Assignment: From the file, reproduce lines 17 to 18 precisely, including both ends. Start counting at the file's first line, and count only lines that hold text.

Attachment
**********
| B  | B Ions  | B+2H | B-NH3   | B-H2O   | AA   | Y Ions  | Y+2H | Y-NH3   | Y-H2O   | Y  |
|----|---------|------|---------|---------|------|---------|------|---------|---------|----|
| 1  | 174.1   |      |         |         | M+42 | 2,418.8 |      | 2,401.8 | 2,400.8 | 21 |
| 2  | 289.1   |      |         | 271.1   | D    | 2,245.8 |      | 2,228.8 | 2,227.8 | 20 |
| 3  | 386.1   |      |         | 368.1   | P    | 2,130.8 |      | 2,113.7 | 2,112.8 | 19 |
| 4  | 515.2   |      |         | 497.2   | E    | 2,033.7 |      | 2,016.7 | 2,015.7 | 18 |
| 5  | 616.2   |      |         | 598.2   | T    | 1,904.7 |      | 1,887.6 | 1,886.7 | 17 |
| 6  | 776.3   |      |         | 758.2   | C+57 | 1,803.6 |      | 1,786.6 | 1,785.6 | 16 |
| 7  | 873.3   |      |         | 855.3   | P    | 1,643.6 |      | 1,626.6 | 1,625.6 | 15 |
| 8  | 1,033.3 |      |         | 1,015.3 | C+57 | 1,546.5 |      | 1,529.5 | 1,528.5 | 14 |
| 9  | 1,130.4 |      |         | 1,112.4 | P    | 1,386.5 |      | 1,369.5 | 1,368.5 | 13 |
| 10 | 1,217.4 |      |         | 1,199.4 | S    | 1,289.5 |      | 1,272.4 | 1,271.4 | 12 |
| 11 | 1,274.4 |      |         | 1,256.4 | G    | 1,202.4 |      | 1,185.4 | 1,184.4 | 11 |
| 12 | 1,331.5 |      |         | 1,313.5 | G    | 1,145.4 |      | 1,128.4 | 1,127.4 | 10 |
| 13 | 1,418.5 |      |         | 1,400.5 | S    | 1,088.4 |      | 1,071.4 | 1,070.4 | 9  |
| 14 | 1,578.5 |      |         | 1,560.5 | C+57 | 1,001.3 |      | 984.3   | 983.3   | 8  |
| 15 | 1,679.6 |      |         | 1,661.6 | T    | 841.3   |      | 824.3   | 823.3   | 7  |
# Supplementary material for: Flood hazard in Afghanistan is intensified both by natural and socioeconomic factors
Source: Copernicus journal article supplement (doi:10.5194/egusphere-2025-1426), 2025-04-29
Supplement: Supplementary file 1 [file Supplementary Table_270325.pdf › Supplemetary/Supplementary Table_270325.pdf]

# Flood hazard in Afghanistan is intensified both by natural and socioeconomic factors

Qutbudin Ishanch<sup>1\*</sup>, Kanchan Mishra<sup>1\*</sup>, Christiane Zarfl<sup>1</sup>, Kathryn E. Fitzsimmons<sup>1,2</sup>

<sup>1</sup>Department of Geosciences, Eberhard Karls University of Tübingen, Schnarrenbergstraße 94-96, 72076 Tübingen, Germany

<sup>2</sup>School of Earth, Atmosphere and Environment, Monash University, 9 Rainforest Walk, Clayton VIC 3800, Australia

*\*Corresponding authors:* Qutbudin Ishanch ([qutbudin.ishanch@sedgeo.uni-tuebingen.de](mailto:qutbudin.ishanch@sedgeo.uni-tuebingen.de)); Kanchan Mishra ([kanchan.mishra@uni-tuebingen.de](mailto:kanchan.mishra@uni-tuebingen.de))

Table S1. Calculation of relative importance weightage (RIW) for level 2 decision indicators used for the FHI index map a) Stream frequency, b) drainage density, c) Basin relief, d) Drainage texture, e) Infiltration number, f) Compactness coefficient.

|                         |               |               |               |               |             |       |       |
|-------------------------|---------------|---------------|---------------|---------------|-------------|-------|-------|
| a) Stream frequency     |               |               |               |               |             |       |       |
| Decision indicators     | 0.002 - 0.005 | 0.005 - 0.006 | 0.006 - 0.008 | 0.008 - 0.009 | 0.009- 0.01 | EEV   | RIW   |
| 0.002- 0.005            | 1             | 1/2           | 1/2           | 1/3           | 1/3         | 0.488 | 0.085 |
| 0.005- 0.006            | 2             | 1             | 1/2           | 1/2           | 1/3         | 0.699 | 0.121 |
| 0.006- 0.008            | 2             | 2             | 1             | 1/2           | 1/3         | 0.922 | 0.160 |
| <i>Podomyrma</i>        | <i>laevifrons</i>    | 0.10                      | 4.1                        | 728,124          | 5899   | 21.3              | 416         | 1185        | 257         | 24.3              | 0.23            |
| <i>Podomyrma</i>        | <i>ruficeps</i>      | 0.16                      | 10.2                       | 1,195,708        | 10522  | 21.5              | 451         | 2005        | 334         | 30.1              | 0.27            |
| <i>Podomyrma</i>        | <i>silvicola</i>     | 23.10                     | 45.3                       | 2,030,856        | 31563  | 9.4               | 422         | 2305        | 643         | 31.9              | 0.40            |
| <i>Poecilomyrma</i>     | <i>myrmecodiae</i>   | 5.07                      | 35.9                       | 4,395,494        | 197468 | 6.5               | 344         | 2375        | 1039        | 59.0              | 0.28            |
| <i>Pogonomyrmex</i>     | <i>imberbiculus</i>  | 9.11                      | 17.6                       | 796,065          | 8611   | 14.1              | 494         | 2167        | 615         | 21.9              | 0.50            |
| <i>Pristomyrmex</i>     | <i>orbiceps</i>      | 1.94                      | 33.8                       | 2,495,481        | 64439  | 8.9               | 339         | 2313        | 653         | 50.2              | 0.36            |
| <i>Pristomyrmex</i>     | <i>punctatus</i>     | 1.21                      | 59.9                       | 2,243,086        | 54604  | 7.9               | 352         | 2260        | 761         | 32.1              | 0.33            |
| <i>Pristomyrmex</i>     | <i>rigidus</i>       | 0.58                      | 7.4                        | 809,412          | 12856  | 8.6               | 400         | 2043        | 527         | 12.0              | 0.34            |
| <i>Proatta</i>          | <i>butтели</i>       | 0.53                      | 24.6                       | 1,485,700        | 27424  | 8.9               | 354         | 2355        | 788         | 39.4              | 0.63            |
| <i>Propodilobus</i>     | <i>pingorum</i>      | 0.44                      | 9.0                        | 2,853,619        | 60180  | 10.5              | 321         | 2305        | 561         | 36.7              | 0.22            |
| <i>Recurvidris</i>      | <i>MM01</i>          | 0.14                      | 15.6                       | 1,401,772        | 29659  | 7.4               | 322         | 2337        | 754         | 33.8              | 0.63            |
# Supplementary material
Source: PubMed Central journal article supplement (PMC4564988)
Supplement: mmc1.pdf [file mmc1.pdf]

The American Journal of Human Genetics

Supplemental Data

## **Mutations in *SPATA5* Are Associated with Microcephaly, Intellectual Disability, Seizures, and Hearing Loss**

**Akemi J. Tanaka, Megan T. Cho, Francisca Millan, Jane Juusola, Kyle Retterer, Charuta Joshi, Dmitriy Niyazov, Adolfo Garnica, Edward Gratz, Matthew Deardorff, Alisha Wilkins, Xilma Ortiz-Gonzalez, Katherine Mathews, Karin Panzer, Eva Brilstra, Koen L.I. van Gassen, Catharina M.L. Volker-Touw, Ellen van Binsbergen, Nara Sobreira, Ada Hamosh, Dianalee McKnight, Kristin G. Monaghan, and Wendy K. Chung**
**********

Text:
| 15 | 1,679.6 |      |         | 1,661.6 | T    | 841.3   |      | 824.3   | 823.3   | 7  |
# Supplementary material for: Flood hazard in Afghanistan is intensified both by natural and socioeconomic factors